Friday, December 22, 2006

Children and adults: sworn enemies

Yesterday morning, a visiting teenager was with us, facing one of our esteemed elderly relatives. She's an adult: a kindly, friendly, but elderly adult, so he had nothing to say to her. This teenager has plenty to say to other teenagers and children, whether he knows them or not - I know because I've heard with my own ears - but sat and looked blankly at this adult, making no attempt to say anything at all. For over an hour. Our relative can't help being an adult; it comes to us all. But she was blanked and ignored on the grounds of her age only. If she had been 14 instead of 72 she would have been included in the conversation by him and entertained.

In the afternoon we went to the park. There was a crowd of older children, 10-11 year olds I think, who looked like they'd just finished school early for the Christmas holidays. They saw me - an adult - approaching and quickly and audibly arranged somewhere else to go instead. Within 10 seconds before they'd even looked at my face properly or heard my voice, they'd all gone. It was blatantly obvious that they'd only left the park because they couldn't relax and have fun in the company of an adult.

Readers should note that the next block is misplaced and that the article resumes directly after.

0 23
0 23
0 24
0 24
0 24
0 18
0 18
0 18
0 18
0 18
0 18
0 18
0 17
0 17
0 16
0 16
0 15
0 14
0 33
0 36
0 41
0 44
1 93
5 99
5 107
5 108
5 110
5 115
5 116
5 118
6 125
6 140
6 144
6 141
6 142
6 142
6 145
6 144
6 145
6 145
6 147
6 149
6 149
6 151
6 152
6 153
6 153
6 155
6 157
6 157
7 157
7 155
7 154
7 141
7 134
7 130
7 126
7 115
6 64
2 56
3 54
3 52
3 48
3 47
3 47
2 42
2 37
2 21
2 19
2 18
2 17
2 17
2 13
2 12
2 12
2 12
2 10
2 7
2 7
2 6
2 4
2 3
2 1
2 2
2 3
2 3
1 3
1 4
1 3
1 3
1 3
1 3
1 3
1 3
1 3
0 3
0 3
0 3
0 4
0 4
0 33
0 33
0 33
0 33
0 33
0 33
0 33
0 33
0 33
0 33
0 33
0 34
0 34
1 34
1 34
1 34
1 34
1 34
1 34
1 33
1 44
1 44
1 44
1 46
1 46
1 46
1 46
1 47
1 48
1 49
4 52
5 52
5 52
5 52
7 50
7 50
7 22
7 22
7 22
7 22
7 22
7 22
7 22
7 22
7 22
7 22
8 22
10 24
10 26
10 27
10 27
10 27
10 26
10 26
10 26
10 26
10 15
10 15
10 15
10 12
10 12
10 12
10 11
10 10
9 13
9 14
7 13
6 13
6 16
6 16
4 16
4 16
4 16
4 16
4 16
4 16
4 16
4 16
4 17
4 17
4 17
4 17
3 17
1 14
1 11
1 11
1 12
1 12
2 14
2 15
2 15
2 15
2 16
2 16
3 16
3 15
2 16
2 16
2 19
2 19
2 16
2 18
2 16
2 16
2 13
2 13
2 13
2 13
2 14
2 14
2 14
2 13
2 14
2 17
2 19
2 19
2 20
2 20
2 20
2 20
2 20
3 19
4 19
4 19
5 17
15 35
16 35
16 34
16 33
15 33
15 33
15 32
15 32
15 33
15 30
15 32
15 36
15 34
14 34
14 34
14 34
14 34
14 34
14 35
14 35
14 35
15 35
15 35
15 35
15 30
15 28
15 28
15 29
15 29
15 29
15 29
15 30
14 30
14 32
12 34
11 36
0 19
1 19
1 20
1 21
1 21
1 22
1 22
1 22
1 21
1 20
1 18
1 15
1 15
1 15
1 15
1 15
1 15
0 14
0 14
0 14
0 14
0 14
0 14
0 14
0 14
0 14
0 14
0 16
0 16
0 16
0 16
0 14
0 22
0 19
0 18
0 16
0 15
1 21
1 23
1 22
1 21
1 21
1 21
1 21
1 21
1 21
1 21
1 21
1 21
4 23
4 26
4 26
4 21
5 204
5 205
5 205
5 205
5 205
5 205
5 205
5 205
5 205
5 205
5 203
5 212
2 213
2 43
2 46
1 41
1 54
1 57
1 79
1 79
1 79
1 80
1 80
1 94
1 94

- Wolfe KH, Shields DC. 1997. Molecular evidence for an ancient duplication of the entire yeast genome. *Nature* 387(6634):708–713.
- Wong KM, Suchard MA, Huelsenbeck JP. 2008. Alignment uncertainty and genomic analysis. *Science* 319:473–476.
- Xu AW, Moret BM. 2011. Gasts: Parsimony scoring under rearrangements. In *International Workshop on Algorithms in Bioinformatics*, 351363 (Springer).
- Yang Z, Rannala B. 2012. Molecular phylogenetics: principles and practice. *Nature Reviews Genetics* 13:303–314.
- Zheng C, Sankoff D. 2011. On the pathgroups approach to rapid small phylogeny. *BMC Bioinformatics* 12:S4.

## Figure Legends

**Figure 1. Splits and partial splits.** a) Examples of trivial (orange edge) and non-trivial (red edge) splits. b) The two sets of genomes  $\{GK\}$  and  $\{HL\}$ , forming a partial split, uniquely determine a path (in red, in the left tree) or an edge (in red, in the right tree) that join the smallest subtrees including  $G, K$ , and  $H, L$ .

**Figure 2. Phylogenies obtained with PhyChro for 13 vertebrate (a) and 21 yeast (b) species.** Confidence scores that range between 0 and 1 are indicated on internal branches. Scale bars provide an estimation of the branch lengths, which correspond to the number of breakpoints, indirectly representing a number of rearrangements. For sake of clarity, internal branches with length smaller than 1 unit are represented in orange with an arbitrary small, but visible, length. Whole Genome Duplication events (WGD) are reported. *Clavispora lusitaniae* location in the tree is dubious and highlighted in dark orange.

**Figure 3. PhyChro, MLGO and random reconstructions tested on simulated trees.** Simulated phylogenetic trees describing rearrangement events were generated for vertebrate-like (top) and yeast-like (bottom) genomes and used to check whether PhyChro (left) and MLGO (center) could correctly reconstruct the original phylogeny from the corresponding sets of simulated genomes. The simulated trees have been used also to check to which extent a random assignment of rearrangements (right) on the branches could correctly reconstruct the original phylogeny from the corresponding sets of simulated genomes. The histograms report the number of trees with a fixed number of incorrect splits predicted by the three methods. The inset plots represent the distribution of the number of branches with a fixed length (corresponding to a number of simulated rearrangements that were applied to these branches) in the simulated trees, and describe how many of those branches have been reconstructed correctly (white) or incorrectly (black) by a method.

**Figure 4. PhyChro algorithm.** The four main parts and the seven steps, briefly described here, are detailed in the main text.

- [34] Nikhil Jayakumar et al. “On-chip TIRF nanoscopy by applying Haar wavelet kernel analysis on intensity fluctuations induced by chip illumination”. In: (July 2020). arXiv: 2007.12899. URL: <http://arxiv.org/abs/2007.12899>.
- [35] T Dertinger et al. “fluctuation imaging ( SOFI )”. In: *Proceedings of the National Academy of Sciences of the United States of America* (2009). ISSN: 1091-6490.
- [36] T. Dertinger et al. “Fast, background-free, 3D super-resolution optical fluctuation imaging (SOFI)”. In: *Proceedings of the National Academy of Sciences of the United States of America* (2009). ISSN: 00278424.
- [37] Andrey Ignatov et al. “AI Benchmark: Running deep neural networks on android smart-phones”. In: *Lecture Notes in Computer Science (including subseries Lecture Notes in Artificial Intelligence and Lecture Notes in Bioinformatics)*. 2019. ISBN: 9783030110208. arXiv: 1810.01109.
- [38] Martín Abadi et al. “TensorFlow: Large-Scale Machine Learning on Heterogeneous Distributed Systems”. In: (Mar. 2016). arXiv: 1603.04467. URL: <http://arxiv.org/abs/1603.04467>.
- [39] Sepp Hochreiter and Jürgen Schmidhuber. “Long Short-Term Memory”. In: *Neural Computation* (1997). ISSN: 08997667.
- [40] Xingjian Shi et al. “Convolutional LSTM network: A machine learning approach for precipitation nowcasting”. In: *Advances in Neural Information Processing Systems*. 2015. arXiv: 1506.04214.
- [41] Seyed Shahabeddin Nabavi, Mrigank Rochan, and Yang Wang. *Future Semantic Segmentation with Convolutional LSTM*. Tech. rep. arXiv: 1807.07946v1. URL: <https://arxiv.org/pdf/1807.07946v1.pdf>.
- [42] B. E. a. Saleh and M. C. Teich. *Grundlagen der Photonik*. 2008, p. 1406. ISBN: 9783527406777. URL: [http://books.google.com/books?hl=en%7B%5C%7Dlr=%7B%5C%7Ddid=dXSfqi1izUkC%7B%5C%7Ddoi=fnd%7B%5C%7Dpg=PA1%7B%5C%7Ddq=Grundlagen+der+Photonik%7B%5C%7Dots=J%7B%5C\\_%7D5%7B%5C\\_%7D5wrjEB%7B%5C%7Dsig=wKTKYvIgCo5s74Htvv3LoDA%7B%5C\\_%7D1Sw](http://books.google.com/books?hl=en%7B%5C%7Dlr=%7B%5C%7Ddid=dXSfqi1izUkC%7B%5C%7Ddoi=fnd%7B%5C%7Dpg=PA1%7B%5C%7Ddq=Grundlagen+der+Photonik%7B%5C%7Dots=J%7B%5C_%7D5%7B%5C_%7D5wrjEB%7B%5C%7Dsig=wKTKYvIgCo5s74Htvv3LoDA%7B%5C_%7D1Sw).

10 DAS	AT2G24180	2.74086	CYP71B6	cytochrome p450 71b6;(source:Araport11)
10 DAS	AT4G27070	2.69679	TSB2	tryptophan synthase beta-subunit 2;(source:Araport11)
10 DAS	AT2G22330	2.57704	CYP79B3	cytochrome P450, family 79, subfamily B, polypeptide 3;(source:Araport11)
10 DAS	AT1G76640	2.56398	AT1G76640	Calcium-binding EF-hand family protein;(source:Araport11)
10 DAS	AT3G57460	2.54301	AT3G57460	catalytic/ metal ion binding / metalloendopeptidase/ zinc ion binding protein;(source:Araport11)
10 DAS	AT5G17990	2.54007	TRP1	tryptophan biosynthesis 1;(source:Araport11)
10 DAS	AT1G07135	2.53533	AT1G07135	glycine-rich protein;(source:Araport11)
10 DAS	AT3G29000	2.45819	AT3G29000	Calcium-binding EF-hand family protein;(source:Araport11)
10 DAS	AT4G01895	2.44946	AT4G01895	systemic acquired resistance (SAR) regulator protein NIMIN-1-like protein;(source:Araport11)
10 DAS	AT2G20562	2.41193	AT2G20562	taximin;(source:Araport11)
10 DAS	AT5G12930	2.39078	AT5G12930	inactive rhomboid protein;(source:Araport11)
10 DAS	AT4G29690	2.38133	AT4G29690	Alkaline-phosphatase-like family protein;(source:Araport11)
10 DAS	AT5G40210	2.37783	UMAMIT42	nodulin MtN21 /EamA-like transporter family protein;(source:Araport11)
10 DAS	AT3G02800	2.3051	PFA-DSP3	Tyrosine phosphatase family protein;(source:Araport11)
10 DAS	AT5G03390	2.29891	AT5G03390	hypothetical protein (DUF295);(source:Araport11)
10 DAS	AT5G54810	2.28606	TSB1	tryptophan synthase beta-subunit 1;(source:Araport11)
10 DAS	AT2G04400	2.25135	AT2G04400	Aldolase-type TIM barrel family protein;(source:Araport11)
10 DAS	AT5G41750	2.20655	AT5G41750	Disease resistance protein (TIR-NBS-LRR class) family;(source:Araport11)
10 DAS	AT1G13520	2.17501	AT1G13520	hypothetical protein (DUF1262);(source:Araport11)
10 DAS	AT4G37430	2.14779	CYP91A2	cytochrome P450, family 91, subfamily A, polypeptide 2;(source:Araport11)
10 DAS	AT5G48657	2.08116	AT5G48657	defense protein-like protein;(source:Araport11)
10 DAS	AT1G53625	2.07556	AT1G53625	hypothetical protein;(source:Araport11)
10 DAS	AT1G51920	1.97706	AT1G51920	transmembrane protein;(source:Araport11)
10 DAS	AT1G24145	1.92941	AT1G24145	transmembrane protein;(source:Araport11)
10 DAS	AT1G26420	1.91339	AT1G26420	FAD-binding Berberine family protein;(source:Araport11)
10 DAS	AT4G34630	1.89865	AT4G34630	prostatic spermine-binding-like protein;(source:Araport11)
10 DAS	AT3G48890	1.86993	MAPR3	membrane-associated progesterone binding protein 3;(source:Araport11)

Early evening found us in a busy cafe, on a table surrounded by other tables with families and young children. We were happy with our drinks and snacks and a new Disney magazine to read but Lyddie struggled to hear me reading the stories to her. All we could hear from the other families was:

"Sit up straight."

"Don't slurp your drink."

"Behave yourself."

"Oh look, now you've spilt it. You're so stupid."

"No you can't have a toy. You're not having anything."

"Get your homework out and get it done."

"Stop running around."

"You're not having crisps, you've just had your tea."

"Stop kicking your legs."

And more and more and more, like a nightmare going on around us. Suddenly the earlier two incidents made perfect sense to me.